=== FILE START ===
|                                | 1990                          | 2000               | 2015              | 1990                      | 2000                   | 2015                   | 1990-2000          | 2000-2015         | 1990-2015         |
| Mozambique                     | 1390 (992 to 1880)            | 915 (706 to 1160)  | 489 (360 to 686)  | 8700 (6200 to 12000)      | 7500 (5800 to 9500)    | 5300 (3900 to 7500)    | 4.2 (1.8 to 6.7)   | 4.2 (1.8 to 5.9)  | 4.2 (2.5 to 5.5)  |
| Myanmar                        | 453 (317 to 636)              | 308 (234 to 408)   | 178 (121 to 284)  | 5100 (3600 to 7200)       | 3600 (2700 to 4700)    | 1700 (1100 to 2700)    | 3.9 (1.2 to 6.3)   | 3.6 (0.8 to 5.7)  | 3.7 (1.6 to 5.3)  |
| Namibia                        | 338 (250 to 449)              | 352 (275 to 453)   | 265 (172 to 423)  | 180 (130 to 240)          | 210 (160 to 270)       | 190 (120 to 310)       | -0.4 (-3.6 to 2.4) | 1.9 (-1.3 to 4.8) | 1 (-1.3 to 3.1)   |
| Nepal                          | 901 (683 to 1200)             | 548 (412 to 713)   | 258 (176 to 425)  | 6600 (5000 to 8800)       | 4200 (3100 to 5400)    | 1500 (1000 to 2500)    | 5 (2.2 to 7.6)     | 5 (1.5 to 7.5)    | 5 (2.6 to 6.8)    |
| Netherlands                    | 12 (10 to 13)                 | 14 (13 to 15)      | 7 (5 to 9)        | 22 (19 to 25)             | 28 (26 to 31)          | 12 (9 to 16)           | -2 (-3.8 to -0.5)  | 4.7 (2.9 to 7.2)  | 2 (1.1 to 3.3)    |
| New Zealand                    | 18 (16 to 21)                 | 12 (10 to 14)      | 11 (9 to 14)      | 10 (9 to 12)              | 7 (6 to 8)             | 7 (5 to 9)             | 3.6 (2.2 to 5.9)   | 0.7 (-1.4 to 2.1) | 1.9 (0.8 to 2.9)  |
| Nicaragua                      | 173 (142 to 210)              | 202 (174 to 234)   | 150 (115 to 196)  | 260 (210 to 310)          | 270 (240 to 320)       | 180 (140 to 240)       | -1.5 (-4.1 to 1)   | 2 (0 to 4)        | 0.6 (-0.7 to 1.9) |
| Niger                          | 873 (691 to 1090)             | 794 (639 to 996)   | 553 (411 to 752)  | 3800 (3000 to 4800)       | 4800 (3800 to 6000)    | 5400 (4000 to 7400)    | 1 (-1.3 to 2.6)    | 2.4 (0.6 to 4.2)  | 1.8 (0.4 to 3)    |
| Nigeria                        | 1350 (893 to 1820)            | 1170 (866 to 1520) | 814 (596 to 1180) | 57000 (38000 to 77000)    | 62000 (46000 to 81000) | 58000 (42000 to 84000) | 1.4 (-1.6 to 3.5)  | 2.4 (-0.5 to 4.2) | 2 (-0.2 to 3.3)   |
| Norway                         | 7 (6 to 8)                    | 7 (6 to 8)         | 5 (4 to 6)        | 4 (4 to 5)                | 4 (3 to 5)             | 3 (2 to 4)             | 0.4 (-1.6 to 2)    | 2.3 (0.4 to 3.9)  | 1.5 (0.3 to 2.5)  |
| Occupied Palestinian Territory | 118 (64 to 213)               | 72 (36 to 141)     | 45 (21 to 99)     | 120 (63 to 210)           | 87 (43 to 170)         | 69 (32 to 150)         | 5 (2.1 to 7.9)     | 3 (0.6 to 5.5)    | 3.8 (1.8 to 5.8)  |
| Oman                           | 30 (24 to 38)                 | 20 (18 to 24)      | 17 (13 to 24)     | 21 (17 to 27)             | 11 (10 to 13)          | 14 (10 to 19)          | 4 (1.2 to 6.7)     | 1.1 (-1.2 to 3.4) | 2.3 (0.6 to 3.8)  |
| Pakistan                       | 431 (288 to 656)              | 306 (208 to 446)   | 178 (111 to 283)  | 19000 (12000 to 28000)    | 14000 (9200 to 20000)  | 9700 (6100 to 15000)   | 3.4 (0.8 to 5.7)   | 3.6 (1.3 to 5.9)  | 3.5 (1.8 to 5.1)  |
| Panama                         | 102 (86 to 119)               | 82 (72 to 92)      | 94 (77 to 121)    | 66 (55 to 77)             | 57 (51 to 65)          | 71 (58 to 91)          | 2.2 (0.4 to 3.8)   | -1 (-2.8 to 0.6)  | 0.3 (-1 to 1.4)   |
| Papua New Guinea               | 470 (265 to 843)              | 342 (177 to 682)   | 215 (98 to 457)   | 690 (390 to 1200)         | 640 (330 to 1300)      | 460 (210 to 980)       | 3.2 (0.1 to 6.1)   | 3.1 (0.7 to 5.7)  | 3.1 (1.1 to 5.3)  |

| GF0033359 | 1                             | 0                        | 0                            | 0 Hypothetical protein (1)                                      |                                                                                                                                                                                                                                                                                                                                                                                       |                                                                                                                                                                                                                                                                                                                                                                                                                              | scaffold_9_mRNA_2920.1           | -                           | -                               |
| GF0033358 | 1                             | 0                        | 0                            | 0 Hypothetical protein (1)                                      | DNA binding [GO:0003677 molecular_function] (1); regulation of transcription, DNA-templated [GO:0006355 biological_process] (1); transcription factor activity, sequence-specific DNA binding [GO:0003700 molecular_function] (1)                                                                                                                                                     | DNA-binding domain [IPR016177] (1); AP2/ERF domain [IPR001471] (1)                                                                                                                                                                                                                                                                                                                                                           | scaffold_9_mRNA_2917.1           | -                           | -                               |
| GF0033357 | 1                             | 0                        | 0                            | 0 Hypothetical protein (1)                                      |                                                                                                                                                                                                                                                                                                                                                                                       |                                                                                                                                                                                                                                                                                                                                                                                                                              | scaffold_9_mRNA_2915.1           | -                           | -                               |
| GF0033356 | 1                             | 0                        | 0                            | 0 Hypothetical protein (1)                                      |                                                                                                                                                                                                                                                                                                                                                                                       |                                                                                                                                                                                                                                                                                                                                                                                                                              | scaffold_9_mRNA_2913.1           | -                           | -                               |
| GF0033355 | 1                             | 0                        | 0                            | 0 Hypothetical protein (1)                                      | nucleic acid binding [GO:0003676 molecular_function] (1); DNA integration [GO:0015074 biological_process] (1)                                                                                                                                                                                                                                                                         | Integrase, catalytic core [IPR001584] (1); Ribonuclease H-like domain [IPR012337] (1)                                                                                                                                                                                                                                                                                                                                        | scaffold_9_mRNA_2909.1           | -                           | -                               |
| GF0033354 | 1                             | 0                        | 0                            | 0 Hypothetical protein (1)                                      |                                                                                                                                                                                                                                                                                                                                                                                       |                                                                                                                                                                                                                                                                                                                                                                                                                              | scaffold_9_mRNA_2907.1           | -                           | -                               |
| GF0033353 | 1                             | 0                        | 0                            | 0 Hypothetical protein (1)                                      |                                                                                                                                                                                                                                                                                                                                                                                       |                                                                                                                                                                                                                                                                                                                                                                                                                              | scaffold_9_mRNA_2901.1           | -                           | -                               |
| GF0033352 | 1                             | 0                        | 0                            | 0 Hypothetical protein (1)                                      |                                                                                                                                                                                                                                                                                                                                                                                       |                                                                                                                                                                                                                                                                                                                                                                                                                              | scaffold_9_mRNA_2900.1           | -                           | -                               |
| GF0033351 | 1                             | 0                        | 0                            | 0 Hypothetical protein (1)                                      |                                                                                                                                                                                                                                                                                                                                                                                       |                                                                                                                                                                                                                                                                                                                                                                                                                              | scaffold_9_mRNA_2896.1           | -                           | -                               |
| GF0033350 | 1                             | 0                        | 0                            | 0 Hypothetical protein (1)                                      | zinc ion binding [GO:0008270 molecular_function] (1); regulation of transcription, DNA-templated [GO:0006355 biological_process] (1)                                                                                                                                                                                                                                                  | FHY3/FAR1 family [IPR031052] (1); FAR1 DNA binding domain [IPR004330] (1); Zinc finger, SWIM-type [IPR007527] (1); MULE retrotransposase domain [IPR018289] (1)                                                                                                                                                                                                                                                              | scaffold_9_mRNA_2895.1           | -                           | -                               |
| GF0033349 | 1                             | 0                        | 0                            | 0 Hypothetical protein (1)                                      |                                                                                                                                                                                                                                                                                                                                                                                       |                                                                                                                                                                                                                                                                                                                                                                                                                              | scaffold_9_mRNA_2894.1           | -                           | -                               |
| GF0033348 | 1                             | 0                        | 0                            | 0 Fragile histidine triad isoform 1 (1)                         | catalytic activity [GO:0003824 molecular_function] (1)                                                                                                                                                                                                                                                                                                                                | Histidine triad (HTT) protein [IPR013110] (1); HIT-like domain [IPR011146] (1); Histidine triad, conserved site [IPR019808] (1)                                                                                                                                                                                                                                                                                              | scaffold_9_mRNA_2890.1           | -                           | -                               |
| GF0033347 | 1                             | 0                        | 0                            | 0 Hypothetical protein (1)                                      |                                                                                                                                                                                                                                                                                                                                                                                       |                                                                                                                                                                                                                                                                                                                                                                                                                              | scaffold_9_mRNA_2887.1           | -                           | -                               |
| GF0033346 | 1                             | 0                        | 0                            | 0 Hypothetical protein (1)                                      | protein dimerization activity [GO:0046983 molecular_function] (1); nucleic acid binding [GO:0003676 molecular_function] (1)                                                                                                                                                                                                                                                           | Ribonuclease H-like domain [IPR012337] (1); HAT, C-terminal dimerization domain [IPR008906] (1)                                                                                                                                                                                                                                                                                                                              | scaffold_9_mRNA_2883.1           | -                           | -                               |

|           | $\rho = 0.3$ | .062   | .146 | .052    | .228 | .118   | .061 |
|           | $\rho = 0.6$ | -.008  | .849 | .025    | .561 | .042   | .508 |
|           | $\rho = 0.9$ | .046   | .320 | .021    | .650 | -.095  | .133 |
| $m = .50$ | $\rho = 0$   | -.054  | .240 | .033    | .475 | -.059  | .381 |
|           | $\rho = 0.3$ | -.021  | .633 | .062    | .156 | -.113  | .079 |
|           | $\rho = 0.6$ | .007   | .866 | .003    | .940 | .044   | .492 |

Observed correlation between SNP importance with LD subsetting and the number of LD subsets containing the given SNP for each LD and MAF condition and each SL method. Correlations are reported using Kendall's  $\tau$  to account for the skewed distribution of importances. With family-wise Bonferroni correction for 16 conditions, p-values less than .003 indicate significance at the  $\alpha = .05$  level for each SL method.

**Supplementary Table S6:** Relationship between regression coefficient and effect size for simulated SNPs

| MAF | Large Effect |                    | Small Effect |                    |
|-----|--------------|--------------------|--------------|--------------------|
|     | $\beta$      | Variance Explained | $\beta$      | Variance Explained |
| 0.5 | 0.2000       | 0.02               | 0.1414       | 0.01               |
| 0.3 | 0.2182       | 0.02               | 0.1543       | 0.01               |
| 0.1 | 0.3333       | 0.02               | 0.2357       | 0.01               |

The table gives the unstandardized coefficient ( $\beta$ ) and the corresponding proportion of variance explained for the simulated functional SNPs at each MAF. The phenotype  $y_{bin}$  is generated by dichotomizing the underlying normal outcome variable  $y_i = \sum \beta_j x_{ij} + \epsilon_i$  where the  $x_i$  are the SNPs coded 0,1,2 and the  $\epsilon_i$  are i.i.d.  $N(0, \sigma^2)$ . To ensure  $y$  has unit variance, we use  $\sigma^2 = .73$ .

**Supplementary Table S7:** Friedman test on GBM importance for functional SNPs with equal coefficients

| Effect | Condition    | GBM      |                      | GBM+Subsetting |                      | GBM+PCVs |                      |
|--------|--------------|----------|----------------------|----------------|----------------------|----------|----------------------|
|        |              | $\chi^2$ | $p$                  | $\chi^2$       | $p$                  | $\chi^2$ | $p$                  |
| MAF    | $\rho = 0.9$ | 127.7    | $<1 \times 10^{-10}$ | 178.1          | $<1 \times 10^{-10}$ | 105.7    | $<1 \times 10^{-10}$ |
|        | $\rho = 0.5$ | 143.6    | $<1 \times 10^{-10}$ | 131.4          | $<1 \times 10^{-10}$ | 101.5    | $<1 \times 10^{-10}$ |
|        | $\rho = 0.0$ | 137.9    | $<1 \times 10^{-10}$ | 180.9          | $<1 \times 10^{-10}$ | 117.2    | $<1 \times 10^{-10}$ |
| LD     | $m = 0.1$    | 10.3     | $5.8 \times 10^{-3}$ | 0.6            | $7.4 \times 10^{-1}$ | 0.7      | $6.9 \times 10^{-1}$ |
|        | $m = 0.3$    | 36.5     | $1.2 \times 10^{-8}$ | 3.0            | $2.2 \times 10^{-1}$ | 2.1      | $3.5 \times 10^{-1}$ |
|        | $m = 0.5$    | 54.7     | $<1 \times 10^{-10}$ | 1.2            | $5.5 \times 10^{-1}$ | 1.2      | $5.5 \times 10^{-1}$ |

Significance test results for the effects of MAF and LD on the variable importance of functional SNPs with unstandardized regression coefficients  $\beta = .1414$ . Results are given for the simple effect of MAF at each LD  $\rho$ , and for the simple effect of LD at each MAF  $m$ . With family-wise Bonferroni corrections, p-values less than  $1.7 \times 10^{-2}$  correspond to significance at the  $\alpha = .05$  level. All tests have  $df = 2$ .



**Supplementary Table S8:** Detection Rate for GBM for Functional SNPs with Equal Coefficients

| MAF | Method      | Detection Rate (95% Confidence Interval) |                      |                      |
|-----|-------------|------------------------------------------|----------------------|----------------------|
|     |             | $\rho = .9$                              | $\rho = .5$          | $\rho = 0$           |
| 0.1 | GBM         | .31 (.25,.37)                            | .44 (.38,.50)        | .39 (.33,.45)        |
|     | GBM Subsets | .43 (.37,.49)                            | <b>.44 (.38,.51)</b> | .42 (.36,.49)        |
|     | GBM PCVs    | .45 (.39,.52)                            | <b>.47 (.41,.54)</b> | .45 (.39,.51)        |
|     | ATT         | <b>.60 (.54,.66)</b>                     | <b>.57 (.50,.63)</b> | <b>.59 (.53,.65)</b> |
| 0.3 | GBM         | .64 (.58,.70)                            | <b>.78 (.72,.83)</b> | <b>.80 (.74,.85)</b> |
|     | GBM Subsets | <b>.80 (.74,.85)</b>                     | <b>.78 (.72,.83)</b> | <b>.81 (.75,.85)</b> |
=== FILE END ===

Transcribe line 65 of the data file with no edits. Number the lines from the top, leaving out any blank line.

| 0.3 | GBM         | .64 (.58,.70)                            | <b>.78 (.72,.83)</b> | <b>.80 (.74,.85)</b> |